According to SpaceX, Crew Dragon’s upgraded ‘Mk3’ parachutes have successfully completed more than a dozen tests in a row, a feat accomplished by SpaceX engineers and technicians in a single week.
Although SpaceX will likely continue to test the upgraded parachutes over the next several weeks and months, Mk3’s success up to now – including a demonstration of an emergency landing scenario – likely means that the company is well on track for NASA to certify Crew Dragon for its first astronaut launch.
Known as Demo-2, SpaceX’s first crewed demonstration mission is tentatively scheduled to launch no earlier than the first quarter of 2020 and is almost entirely dependent upon NASA (and SpaceX, to a lesser extent) completing review and qualification paperwork. On October 8th, SpaceX CEO Elon Musk indicated that SpaceX itself – including all Crew Dragon and Falcon 9 hardware – would likely be ready to launch before the end of December 2019.
During an October 30th briefing from Commercial Crew Program manager Kathy Lueders, NASA essentially confirmed Musk’s estimate for Crew Dragon hardware readiness, estimating that the Crew Dragon Demo-2 spacecraft will be ready for flight around the end of December. The mission’s Falcon 9 booster has also completed testing in Texas, while SpaceX plans to ship the Falcon 9 upper stage to Texas for acceptance testing in November.
In recent months, NASA has indicated that the parachute systems of both Boeing’s Starliner and SpaceX’s Crew Dragon were a prominent concern after chute failures occurred on several occasions. In response, SpaceX redesigned Crew Dragon’s parachutes – supplied by Airborne Systems – to account for the failure modes experience, while also advancing the state of the art of computer modeling of parachute deployment and behavior.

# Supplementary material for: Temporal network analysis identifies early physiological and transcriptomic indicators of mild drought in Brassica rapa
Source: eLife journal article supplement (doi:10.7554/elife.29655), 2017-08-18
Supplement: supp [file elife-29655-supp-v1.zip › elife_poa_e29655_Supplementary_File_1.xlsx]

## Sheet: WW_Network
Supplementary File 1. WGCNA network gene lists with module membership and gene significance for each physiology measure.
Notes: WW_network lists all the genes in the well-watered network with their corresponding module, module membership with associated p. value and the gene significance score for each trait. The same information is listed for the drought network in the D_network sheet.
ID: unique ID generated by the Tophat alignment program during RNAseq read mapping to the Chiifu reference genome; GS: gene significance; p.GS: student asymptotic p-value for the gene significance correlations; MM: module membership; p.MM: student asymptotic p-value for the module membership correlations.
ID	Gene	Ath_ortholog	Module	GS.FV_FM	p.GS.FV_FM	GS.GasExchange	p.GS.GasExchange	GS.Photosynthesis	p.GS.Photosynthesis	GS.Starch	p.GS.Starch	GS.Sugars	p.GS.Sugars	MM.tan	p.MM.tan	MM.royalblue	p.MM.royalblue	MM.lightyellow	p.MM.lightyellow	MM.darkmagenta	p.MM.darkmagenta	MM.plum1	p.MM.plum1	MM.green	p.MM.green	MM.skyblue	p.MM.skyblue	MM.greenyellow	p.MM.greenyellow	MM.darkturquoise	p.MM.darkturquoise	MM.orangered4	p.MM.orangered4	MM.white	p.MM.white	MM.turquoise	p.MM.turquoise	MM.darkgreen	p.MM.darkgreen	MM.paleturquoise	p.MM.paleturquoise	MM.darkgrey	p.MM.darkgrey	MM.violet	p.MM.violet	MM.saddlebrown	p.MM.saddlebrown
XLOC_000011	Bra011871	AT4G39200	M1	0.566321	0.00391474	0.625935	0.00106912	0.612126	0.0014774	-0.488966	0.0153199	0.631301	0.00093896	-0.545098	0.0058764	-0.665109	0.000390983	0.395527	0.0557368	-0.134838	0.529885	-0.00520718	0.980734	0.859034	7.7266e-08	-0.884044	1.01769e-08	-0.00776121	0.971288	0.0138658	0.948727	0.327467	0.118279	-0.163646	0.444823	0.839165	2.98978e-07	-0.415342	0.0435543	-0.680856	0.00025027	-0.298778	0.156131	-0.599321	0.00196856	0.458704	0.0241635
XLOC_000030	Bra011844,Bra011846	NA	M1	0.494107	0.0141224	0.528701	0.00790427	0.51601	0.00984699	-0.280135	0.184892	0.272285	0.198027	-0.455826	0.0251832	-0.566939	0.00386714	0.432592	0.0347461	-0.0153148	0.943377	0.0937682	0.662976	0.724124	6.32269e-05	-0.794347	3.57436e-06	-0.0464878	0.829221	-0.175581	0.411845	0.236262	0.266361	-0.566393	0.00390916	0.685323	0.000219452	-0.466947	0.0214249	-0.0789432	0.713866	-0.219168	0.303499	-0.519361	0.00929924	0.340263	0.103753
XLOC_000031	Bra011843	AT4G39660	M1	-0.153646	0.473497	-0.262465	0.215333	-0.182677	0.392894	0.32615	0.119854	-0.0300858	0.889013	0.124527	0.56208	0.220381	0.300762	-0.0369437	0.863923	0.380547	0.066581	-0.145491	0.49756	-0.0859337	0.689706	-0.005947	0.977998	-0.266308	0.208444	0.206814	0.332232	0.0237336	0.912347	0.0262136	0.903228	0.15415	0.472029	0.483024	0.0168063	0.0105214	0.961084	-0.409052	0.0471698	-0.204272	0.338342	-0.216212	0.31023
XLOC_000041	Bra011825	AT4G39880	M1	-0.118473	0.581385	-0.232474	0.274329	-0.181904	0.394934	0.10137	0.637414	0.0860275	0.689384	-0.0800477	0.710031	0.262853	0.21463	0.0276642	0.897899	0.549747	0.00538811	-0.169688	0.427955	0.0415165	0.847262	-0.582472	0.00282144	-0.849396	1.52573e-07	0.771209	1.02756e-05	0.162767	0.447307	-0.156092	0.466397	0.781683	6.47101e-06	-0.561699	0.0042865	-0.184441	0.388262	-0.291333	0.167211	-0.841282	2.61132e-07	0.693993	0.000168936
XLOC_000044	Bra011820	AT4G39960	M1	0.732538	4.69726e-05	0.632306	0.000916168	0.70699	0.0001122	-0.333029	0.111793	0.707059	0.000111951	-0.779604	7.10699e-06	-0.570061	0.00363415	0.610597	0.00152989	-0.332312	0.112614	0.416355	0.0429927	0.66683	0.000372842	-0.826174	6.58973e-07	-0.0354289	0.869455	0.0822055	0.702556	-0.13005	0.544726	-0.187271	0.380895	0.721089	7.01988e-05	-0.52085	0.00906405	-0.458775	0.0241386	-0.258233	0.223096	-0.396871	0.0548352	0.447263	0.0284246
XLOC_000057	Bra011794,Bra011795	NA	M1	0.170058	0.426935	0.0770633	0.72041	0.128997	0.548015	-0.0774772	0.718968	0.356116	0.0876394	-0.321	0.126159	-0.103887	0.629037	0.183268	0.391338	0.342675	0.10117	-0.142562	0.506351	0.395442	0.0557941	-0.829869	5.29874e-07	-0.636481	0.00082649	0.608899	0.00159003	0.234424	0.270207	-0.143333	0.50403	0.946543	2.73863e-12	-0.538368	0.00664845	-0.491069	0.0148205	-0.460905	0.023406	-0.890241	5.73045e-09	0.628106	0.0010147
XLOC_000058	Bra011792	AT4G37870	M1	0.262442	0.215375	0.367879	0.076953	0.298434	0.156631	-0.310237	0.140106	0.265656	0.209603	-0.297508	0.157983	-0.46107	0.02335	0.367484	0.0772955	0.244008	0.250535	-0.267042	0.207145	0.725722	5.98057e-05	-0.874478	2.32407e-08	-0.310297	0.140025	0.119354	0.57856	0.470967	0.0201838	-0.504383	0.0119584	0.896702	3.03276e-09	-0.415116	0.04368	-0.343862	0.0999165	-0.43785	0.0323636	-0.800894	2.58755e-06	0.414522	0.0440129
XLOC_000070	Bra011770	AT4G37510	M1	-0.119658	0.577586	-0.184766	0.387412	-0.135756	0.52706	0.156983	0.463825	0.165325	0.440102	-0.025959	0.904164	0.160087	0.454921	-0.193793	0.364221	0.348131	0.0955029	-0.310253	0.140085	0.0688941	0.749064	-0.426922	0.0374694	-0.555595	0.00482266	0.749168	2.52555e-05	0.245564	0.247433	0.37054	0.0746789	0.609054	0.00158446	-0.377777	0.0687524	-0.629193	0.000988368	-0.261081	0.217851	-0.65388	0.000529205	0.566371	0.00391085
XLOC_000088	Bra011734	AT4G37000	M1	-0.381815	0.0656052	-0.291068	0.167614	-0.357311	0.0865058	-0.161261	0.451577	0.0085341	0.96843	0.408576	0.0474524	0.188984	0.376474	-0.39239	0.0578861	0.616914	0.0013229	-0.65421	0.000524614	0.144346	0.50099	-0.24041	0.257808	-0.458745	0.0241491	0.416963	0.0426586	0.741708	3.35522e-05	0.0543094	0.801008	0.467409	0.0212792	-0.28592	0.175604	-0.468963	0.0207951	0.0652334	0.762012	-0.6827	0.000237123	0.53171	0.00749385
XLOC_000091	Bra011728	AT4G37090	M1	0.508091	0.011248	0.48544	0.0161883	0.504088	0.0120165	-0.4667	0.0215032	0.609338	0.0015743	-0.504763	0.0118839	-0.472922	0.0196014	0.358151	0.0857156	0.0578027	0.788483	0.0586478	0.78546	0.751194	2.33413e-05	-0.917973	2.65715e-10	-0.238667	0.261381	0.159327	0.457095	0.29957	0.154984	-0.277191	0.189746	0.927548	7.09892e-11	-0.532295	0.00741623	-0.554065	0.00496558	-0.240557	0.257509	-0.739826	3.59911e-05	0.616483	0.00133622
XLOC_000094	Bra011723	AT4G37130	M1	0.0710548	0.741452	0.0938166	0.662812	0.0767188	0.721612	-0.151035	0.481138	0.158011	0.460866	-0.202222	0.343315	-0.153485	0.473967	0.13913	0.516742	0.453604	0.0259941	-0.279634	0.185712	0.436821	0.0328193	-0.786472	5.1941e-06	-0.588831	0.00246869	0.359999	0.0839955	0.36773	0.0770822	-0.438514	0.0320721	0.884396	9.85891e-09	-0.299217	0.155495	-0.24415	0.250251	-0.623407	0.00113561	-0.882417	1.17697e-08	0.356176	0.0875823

In response to past failures, SpaceX chose to further upgrade and strengthen Crew Dragon’s parachutes, moving to a ‘Mk3’ variant with stronger Zylon risers (strips connecting Dragon to its parachute rigging), among other tweaks. Notably, in an October 2019 press conference with Musk, NASA administrator Jim Bridenstine noted that SpaceX had plans to field and test those Mk3 parachutes at least 10 times before the end of 2019.
“We could see as many as 10 drop tests between now and the end of the year and depending on how the next 10 drop tests go, we will know how many more drops tests we are going to add.”
Jim Bridenstine, October 10th, 2019
In fact, during the latest stage of testing, SpaceX says it successfully completed thirteen consecutive tests of Crew Dragon’s new Mk3 parachutes, all of which were completed in less than two weeks. This essentially blows Bridenstine’s expectations out of the water, as SpaceX has surpassed his predicted 10 tests and done so barely three weeks into the tentative 12-week window he set. SpaceX now has plenty of time to either continue testing Crew Dragon’s parachutes or refocus its efforts on other equally important qualification challenges.
Prior to those thirteen consecutive successes, SpaceX suffered two failures during single-parachute Mk3 testing. The first two development tests of the Mk 3 design used loads much higher than the parachutes would ever see in operation in an effort to better understand overall design margins and system performance. After a period of rapid iteration with parachute provider Airborne Systems, the faults responsible for those two stress-test failures were resolved and subsequent drop tests confirmed that Mk3’s suspension lines – the numerous lines connecting the parachute to Crew Dragon – are far stronger than those on Mk2.
Perhaps most crucially, the most recent test – shown in the video shared by SpaceX on November 3rd – was the first multi-chute Mk3 demonstration and simultaneously proved that Crew Dragon will be able to safely land its astronaut passengers even if one of the spacecraft’s four parachutes fail to deploy. Despite those consecutive successes, SpaceX and Airborne will continue testing Mk3 parachutes as rapidly as possible and aim to provide NASA the data it needs to qualify Crew Dragon’s parachutes for crewed flight before the end of 2019.
Either way, the next several months are set to be a frenetic period for NASA’s Commercial Crew Program. As early as November 4th, Boeing aims to attempt a pad abort test of its Starliner spacecraft, while SpaceX is set to static fire a Crew Dragon capsule on November 6th. If both tests are successful, SpaceX aims to launch Crew Dragon’s In-Flight Abort (IFA) test in early-December, while Boeing hopes to launch Starliner on its first uncrewed Orbital Flight Test (OFT) no earlier than December 17th.
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